Australian Prime Minister Malcolm Turnbull is pictured at Parliament House in Canberra, Australia, Sept. 20, 2015. Turnbull's coalition government is set to pass a slate of national security recommendations, including a law that would strip dual nationals of Australian citizenship if they are convicted of terrorism. REUTERS/David Gray

Australia’s coalition government agreed Tuesday to a slate of security-related legislation changes, including a controversial proposal to strip dual nationals of Australian citizenship if they are involved in terrorism offenses, the Guardian reported.

A bipartisan parliamentary inquiry came up with 27 recommendations on intelligence and security, all of which the government backed. The amended bill received the Labor party’s support back in September and is expected to pass through the House of Representatives following debate this week.

Immigration Minister Peter Dutton told media this week that the threat of people returning from Syria and Iraq who have been involved with the Islamic State is “very real,” and the government hopes to implement the laws as soon as possible, the Australian reported. More than 100 Australians are estimated to be fighting alongside the Islamic State and other extremists, and up to half of those are thought to be dual citizens.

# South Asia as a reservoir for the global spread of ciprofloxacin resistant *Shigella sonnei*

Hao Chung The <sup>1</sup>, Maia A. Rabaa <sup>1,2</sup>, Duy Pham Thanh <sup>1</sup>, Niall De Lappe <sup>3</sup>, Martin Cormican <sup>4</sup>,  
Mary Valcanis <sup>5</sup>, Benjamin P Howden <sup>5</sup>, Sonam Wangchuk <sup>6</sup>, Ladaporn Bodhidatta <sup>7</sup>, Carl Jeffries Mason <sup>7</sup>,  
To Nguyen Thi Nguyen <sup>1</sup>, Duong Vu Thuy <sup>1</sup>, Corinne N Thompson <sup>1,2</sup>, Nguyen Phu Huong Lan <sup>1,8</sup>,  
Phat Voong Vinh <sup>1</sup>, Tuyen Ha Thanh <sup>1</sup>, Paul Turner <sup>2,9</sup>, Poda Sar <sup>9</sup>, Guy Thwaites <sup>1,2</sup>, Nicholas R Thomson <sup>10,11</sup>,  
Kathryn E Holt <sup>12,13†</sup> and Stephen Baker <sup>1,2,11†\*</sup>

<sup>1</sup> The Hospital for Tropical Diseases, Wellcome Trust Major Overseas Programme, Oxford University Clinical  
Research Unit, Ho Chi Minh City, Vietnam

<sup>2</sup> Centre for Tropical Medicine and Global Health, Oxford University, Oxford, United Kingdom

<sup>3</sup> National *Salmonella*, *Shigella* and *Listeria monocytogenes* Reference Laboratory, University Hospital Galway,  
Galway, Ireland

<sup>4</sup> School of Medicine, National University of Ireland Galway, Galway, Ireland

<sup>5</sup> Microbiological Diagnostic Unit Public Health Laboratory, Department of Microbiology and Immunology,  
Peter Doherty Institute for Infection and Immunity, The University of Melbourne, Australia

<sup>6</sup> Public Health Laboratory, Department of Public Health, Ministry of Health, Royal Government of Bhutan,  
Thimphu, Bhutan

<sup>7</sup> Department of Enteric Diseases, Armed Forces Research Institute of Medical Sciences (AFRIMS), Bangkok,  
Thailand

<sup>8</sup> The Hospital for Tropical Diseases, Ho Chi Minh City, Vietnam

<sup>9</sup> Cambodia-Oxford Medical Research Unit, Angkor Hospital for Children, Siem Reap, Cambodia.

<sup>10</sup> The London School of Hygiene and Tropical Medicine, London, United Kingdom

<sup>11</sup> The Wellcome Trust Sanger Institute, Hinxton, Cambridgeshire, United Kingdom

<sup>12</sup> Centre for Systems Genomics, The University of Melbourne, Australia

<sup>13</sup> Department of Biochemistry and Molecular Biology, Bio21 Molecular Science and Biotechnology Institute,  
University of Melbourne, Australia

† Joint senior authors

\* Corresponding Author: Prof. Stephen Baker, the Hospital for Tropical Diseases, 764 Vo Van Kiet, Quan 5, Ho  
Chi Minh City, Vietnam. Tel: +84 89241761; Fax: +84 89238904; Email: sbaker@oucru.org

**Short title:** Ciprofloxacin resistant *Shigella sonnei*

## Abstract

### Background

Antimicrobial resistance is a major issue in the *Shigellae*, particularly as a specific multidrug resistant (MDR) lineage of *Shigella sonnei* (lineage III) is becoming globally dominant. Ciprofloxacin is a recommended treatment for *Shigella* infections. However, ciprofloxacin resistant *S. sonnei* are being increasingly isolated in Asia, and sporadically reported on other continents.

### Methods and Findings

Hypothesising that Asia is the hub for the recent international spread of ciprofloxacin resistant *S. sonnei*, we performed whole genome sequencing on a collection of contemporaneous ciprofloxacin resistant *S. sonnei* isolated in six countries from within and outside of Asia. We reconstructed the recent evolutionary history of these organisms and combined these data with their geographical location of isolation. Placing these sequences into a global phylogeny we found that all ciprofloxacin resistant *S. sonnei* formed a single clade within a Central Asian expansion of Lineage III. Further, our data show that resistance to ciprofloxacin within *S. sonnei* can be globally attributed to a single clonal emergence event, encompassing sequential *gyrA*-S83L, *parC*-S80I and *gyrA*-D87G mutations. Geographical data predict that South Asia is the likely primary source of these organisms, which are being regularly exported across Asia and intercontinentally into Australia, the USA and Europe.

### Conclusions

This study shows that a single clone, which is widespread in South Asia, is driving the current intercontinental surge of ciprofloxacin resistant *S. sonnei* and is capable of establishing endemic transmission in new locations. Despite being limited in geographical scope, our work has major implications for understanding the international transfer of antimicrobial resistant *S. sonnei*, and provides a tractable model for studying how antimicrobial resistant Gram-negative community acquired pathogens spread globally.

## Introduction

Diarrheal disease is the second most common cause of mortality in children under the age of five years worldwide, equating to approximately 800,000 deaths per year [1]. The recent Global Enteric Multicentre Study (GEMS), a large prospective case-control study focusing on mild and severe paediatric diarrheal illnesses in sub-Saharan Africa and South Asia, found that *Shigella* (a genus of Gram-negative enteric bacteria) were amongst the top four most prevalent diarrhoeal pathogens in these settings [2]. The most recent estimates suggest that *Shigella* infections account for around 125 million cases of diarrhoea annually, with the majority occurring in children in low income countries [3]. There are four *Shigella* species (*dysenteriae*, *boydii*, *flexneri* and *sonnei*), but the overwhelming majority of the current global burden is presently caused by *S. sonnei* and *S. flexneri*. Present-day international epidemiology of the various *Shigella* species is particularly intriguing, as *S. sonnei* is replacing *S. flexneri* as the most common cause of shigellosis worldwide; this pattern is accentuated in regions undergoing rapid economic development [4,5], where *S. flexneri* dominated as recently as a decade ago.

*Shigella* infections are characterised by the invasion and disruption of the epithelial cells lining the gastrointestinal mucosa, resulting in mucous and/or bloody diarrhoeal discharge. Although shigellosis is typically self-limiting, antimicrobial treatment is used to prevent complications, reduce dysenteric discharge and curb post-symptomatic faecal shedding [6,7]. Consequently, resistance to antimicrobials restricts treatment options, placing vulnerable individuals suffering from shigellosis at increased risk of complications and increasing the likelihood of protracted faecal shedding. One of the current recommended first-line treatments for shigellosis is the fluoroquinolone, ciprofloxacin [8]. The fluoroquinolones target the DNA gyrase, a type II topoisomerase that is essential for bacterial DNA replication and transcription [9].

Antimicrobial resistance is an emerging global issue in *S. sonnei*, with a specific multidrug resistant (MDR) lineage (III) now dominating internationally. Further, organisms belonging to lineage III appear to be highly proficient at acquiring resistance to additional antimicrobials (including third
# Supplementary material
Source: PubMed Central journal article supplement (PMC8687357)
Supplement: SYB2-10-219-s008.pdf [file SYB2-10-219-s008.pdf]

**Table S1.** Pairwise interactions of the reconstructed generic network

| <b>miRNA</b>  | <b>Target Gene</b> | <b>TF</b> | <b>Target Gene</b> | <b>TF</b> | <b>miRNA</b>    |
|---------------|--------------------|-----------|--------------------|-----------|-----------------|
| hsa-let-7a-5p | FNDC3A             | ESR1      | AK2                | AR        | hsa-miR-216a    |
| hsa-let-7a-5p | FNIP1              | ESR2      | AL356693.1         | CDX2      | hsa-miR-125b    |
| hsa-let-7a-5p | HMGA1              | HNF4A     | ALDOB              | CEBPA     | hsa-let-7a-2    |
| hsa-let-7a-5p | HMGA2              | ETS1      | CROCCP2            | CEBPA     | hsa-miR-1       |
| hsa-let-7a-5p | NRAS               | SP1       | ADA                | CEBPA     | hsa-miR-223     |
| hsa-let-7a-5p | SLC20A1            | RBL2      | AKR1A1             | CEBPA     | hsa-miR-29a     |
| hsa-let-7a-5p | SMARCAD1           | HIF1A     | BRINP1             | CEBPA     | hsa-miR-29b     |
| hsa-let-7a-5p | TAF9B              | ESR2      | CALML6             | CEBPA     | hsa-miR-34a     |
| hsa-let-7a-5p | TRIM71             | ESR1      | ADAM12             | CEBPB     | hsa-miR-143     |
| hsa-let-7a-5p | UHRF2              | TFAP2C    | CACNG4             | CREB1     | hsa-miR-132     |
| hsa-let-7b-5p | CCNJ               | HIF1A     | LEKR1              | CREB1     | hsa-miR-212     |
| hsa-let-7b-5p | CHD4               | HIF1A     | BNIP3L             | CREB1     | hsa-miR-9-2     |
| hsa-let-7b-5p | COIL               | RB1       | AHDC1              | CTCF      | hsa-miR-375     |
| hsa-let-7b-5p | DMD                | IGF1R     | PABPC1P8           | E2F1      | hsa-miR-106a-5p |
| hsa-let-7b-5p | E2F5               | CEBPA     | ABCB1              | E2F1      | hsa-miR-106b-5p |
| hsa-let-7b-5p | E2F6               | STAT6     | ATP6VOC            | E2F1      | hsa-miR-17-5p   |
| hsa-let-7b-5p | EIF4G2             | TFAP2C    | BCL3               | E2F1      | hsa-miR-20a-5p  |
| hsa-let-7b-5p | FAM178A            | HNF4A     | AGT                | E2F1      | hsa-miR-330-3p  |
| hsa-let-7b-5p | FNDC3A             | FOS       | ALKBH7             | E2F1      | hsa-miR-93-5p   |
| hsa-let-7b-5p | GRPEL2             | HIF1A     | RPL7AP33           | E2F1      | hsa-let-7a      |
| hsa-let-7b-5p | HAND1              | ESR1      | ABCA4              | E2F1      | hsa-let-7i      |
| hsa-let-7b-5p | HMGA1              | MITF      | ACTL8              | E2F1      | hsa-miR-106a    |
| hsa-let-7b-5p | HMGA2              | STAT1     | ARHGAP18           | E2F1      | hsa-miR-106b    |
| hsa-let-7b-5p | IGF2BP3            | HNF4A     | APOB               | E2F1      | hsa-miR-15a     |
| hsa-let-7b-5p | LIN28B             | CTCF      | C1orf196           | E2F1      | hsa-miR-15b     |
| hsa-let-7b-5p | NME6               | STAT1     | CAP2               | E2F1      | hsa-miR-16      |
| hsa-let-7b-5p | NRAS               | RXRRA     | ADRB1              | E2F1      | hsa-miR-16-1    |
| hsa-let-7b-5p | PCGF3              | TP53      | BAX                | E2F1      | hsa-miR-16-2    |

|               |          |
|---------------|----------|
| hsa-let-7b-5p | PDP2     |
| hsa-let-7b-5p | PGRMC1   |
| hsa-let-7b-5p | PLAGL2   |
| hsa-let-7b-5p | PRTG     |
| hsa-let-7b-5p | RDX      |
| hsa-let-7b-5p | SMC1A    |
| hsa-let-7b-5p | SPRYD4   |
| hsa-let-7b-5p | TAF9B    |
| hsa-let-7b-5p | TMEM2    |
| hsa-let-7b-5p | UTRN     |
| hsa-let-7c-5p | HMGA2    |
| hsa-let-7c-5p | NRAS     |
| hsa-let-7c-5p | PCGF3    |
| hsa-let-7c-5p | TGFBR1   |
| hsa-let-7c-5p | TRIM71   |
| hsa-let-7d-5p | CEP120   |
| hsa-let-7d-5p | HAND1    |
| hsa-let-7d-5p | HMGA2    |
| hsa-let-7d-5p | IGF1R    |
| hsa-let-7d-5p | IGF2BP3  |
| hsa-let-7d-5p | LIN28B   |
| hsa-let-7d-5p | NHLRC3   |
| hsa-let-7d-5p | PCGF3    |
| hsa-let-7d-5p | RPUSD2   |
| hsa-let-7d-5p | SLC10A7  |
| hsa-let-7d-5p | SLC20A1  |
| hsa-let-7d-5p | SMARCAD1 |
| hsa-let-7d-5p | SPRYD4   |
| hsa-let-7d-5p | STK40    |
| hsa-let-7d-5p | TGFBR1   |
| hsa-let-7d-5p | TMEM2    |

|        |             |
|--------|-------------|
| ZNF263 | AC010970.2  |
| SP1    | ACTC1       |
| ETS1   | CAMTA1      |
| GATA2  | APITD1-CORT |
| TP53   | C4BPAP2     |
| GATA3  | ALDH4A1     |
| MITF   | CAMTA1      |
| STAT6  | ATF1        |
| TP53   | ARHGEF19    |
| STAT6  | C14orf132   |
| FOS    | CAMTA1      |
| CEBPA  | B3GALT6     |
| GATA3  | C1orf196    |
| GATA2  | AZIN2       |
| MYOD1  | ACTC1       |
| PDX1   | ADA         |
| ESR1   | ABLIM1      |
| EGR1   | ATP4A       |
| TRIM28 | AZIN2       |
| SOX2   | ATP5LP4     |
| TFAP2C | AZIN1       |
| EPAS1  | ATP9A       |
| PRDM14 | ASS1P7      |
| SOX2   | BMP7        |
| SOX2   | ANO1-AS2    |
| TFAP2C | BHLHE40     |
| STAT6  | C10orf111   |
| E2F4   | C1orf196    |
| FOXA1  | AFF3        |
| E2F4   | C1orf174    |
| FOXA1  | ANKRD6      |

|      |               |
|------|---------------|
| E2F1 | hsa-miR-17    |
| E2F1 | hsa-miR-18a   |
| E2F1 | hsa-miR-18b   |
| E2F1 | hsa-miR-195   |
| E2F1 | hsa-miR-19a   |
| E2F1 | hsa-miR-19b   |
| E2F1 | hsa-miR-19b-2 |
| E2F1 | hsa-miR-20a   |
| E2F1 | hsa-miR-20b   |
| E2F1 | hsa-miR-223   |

“We need to deal with it and we need to be realistic about the fact that terrorism is a scourge that’s going to be with us for a long period of time,” he said. “If we can take the Australian citizenship away from dual nationals without rendering people stateless, if they’ve been involved in terrorist activity, that’s absolutely the intent of the government.”

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The amendments were first pushed last spring by then-Prime Minister Tony Abbott, who took a hardline stance on national security and insisted such tough measures were necessary, the BBC reported. But Muslim rights advocates in the country have criticized the new government’s continued support of the bill, saying it’s at odds with current Prime Minister Malcolm Turnbull’s emphasis on re-engaging with the Islamic community.

Other components of the bill include recommendations that the laws be applied retrospectively to convictions where courts have given sentences of 10 years or more, and recommendations that children under 10 are exempt from the bill and children under 14 are answerable only in certain circumstances.